Dissertation Title: Common Knowledge: Elicited Priors in Political Science
Committee: Alexander Tahk (Chair), Scott Gehlbach, Melanie Manion (Duke University), Rikhil Bhavnani, Ian Coxhead (Agricultural & Applied Economics), Edmund Malesky (Duke University)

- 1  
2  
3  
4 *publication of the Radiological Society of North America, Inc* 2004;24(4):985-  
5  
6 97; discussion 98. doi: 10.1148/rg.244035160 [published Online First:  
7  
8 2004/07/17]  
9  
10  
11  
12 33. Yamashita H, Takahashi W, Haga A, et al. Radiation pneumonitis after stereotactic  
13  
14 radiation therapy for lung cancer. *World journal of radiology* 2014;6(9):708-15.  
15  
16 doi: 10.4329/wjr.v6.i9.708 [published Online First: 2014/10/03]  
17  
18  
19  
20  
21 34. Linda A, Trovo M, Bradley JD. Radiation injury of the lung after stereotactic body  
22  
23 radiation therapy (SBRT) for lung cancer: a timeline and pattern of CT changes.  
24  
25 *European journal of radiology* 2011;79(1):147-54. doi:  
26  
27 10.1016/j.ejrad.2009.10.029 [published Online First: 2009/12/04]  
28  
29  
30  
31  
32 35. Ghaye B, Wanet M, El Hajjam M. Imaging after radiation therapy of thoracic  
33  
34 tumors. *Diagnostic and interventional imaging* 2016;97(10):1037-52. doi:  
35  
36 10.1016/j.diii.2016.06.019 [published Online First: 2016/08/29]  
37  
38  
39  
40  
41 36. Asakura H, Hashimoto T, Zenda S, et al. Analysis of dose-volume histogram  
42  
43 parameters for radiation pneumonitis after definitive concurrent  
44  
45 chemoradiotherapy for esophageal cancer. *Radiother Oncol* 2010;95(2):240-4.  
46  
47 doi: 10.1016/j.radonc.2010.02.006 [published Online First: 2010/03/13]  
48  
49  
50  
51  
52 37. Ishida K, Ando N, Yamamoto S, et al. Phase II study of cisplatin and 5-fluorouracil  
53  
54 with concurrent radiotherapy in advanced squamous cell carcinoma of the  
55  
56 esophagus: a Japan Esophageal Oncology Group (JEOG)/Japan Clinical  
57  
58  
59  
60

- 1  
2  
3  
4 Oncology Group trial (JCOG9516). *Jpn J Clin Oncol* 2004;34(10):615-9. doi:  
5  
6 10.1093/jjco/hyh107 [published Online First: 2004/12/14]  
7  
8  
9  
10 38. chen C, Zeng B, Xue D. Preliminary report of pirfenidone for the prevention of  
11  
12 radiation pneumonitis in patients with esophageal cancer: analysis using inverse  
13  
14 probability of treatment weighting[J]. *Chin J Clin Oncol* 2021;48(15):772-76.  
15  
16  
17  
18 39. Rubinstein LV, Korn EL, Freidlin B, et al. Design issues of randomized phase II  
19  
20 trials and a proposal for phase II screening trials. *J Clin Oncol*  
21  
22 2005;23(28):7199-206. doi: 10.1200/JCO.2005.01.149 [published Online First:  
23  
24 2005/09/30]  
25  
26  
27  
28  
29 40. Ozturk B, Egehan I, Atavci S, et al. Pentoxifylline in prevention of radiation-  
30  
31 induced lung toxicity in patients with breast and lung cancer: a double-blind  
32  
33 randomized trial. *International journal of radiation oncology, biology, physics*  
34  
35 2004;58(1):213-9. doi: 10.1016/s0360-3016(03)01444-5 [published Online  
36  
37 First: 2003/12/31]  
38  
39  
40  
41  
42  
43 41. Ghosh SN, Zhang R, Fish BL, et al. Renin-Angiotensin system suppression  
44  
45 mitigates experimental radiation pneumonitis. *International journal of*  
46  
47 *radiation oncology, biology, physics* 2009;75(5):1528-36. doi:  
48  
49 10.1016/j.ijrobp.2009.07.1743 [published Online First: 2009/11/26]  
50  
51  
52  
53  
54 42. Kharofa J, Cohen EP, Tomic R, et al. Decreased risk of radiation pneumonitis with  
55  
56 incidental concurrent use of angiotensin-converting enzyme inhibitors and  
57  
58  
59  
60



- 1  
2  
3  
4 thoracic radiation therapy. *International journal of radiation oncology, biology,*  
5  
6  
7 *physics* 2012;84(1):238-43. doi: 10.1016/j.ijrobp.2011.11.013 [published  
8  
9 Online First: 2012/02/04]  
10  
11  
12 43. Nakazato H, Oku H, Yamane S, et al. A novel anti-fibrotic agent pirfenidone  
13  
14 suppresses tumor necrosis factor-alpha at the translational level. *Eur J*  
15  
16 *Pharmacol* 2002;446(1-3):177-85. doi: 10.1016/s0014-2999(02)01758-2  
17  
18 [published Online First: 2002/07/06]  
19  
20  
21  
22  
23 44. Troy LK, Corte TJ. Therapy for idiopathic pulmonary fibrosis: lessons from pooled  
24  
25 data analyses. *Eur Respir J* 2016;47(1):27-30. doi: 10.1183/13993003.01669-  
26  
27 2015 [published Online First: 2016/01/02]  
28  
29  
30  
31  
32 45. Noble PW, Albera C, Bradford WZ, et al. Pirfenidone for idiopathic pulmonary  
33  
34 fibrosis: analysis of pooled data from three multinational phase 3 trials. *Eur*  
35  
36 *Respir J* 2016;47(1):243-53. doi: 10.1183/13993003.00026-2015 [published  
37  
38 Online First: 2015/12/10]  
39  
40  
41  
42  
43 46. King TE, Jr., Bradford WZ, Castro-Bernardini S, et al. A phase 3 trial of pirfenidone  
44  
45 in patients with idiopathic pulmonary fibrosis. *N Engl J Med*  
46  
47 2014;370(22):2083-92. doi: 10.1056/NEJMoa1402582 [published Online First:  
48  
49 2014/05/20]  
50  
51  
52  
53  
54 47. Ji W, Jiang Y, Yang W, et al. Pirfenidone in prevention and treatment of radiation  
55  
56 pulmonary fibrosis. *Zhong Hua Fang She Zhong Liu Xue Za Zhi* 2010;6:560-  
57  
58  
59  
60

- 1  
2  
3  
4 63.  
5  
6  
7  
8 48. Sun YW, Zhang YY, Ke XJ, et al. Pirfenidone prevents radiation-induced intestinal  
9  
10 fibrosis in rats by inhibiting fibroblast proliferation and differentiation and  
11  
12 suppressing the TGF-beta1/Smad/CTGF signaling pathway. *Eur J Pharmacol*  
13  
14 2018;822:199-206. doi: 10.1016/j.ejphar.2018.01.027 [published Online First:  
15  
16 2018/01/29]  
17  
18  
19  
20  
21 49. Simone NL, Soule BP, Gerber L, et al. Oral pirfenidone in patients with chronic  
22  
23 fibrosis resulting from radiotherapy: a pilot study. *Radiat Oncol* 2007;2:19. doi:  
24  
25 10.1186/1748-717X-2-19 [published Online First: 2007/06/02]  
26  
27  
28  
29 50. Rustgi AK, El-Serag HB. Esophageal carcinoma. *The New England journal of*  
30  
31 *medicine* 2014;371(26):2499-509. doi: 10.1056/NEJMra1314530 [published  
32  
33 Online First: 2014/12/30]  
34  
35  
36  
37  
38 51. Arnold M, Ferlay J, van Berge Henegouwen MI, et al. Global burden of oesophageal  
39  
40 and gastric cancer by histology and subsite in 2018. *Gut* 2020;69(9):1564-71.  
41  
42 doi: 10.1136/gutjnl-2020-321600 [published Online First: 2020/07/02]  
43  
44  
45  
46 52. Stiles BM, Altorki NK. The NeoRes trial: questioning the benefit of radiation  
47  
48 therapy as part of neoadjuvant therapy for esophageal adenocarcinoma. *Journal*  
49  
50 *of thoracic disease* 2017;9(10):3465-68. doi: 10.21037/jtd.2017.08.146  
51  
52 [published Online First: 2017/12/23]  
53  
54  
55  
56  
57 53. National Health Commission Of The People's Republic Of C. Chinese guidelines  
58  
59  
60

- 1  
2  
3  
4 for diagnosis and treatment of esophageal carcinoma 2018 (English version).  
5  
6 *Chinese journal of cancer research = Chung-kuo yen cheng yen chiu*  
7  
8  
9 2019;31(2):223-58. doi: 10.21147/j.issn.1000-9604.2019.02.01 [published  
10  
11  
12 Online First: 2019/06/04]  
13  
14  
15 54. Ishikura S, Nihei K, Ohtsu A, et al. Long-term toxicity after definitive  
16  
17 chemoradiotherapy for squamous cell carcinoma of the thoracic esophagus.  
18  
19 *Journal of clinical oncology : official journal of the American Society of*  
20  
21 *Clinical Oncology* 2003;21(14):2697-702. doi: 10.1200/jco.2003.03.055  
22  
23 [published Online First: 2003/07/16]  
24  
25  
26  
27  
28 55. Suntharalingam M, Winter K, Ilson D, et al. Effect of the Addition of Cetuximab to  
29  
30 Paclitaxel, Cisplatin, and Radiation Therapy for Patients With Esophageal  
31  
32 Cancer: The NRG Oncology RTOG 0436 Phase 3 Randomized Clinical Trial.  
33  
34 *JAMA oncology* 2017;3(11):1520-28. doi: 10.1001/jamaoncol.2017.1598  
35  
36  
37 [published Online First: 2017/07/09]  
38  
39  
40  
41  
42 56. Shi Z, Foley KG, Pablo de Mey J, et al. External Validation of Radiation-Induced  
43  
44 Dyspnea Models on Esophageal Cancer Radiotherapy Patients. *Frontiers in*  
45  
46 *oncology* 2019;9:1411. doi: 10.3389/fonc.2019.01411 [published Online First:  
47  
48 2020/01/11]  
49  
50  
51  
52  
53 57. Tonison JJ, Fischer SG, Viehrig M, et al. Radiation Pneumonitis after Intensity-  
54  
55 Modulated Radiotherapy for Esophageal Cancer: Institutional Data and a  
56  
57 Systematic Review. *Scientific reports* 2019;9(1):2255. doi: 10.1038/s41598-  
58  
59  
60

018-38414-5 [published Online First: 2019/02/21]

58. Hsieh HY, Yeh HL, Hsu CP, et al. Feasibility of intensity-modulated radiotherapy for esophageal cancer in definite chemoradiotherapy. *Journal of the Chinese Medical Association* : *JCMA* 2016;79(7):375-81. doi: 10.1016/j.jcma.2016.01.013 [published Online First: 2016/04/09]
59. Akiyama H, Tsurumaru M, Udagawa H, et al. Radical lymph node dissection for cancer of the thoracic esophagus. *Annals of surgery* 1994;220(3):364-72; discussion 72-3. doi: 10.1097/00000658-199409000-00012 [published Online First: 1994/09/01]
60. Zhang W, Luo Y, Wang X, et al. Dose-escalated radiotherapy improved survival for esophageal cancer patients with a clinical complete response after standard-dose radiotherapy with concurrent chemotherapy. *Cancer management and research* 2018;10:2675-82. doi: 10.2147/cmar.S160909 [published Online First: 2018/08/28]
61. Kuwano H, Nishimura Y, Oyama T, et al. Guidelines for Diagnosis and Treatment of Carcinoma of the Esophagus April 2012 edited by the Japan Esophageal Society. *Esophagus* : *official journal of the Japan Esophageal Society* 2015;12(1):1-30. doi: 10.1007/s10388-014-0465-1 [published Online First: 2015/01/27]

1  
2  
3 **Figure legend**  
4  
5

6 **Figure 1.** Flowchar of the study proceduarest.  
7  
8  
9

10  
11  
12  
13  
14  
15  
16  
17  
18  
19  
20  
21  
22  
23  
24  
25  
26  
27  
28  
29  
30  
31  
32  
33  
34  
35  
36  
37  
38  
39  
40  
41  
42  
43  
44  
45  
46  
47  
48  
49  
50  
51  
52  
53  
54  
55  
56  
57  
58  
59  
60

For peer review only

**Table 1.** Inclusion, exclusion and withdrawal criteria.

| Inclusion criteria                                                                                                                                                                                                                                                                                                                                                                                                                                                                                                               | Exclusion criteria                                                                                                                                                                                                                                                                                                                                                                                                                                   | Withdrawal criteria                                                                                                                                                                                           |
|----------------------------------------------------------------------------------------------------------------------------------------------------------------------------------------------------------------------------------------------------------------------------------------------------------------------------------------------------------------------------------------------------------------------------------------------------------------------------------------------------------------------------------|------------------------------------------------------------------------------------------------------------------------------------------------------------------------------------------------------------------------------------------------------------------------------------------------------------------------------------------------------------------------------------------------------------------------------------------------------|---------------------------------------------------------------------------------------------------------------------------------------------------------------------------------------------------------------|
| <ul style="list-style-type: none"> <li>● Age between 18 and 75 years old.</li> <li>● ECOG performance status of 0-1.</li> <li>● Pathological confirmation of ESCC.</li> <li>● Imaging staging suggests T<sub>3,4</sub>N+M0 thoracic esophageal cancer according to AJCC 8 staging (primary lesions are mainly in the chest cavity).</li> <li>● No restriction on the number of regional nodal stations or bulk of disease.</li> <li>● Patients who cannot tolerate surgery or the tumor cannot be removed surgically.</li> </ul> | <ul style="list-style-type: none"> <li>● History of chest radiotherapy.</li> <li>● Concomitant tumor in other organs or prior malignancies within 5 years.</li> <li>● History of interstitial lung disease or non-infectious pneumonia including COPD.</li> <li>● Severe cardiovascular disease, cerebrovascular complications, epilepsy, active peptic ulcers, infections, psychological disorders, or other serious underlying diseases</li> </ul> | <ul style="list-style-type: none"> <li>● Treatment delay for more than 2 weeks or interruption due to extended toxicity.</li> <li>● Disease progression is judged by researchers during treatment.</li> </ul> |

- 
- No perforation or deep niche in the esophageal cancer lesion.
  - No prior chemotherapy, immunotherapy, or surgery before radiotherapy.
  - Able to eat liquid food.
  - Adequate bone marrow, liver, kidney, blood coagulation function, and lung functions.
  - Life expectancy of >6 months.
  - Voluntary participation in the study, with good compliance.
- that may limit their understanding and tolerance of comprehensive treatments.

Abstract: My dissertation addresses the question: how can divergent prior knowledge be applied to the study of political questions? Determining effective ways to utilize the information experts provide is an important step in bridging quantitative and qualitative analyses—particularly in authoritarian and underdeveloped contexts, where qualitative researchers have significant prior experience but quantitative researchers are beginning to overcome data challenges. In a Bayesian context, elicited priors utilize the substantive knowledge of experts, whether through interviews or published research, to improve the accuracy of posterior estimates. My dissertation draws on machine learning methods to propose a new way to aggregate elicited priors—a way that improves statistical analyses and takes into consideration the much greater variation in "expertise" extant in the social sciences, and especially in authoritarian and underdeveloped contexts. I apply this method directly to a small dataset of the participation of Myanmar members of parliament (MPs) to show that the method allows for better estimation of a complex model even using small-n data, but also uncovers motivations of MPs under authoritarianism that are more complex than previous work has led us to believe. I also apply the method in a study of US elections in order to assess what "expertise" is ideal for use in elicited-priors applications.